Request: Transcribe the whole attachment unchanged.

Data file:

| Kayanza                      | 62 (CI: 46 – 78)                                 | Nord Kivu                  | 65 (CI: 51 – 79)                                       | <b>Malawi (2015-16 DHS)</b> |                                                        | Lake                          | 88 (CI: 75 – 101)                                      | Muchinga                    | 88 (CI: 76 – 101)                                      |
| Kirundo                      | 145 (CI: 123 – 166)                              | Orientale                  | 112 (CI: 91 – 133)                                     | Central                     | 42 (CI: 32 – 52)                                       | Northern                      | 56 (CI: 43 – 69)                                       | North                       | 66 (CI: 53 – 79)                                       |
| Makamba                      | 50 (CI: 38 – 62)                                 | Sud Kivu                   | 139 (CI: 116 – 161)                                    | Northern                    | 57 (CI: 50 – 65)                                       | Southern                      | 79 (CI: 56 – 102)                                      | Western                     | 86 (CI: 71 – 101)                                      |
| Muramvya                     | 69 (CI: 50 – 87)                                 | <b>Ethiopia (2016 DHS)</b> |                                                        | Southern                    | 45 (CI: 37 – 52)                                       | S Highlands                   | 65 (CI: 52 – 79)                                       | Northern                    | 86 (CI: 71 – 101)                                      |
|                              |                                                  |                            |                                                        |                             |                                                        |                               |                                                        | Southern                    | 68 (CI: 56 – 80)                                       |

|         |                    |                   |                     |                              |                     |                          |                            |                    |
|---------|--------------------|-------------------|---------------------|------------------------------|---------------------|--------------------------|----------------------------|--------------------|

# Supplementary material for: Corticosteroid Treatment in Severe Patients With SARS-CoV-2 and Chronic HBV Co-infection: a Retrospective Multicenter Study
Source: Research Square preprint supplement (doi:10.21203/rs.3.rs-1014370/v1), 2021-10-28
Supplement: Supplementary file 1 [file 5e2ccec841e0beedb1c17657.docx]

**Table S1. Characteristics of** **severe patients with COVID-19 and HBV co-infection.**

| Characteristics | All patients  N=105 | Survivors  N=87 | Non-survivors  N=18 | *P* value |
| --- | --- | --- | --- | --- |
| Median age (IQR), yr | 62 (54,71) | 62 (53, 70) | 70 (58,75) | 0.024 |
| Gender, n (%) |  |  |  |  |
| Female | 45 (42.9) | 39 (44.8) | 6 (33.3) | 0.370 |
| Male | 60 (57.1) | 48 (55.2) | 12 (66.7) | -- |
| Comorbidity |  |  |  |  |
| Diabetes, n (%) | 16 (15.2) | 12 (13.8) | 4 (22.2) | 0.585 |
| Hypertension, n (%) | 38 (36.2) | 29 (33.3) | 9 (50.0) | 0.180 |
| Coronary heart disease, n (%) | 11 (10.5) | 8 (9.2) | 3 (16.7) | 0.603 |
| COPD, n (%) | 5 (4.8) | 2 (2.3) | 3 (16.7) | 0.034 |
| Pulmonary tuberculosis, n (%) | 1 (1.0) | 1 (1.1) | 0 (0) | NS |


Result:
| Kayanza                      | 62 (CI: 46 – 78)                                 | Nord Kivu                  | 65 (CI: 51 – 79)                                       | <b>Malawi (2015-16 DHS)</b> |                                                        | Lake                          | 88 (CI: 75 – 101)                                      | Muchinga                    | 88 (CI: 76 – 101)                                      |
| Kirundo                      | 145 (CI: 123 – 166)                              | Orientale                  | 112 (CI: 91 – 133)                                     | Central                     | 42 (CI: 32 – 52)                                       | Northern                      | 56 (CI: 43 – 69)                                       | North                       | 66 (CI: 53 – 79)                                       |
| Makamba                      | 50 (CI: 38 – 62)                                 | Sud Kivu                   | 139 (CI: 116 – 161)                                    | Northern                    | 57 (CI: 50 – 65)                                       | Southern                      | 79 (CI: 56 – 102)                                      | Western                     | 86 (CI: 71 – 101)                                      |
| Muramvya                     | 69 (CI: 50 – 87)                                 | <b>Ethiopia (2016 DHS)</b> |                                                        | Southern                    | 45 (CI: 37 – 52)                                       | S Highlands                   | 65 (CI: 52 – 79)                                       | Northern                    | 86 (CI: 71 – 101)                                      |
|                              |                                                  |                            |                                                        |                             |                                                        |                               |                                                        | Southern                    | 68 (CI: 56 – 80)                                       |

|         |                    |                   |                     |                              |                     |                          |                            |                    |
|---------|--------------------|-------------------|---------------------|------------------------------|---------------------|--------------------------|----------------------------|--------------------|

# Supplementary material for: Corticosteroid Treatment in Severe Patients With SARS-CoV-2 and Chronic HBV Co-infection: a Retrospective Multicenter Study
Source: Research Square preprint supplement (doi:10.21203/rs.3.rs-1014370/v1), 2021-10-28
Supplement: Supplementary file 1 [file 5e2ccec841e0beedb1c17657.docx]

**Table S1. Characteristics of** **severe patients with COVID-19 and HBV co-infection.**

| Characteristics | All patients  N=105 | Survivors  N=87 | Non-survivors  N=18 | *P* value |
| --- | --- | --- | --- | --- |
| Median age (IQR), yr | 62 (54,71) | 62 (53, 70) | 70 (58,75) | 0.024 |
| Gender, n (%) |  |  |  |  |
| Female | 45 (42.9) | 39 (44.8) | 6 (33.3) | 0.370 |
| Male | 60 (57.1) | 48 (55.2) | 12 (66.7) | -- |
| Comorbidity |  |  |  |  |
| Diabetes, n (%) | 16 (15.2) | 12 (13.8) | 4 (22.2) | 0.585 |
| Hypertension, n (%) | 38 (36.2) | 29 (33.3) | 9 (50.0) | 0.180 |
| Coronary heart disease, n (%) | 11 (10.5) | 8 (9.2) | 3 (16.7) | 0.603 |
| COPD, n (%) | 5 (4.8) | 2 (2.3) | 3 (16.7) | 0.034 |
| Pulmonary tuberculosis, n (%) | 1 (1.0) | 1 (1.1) | 0 (0) | NS |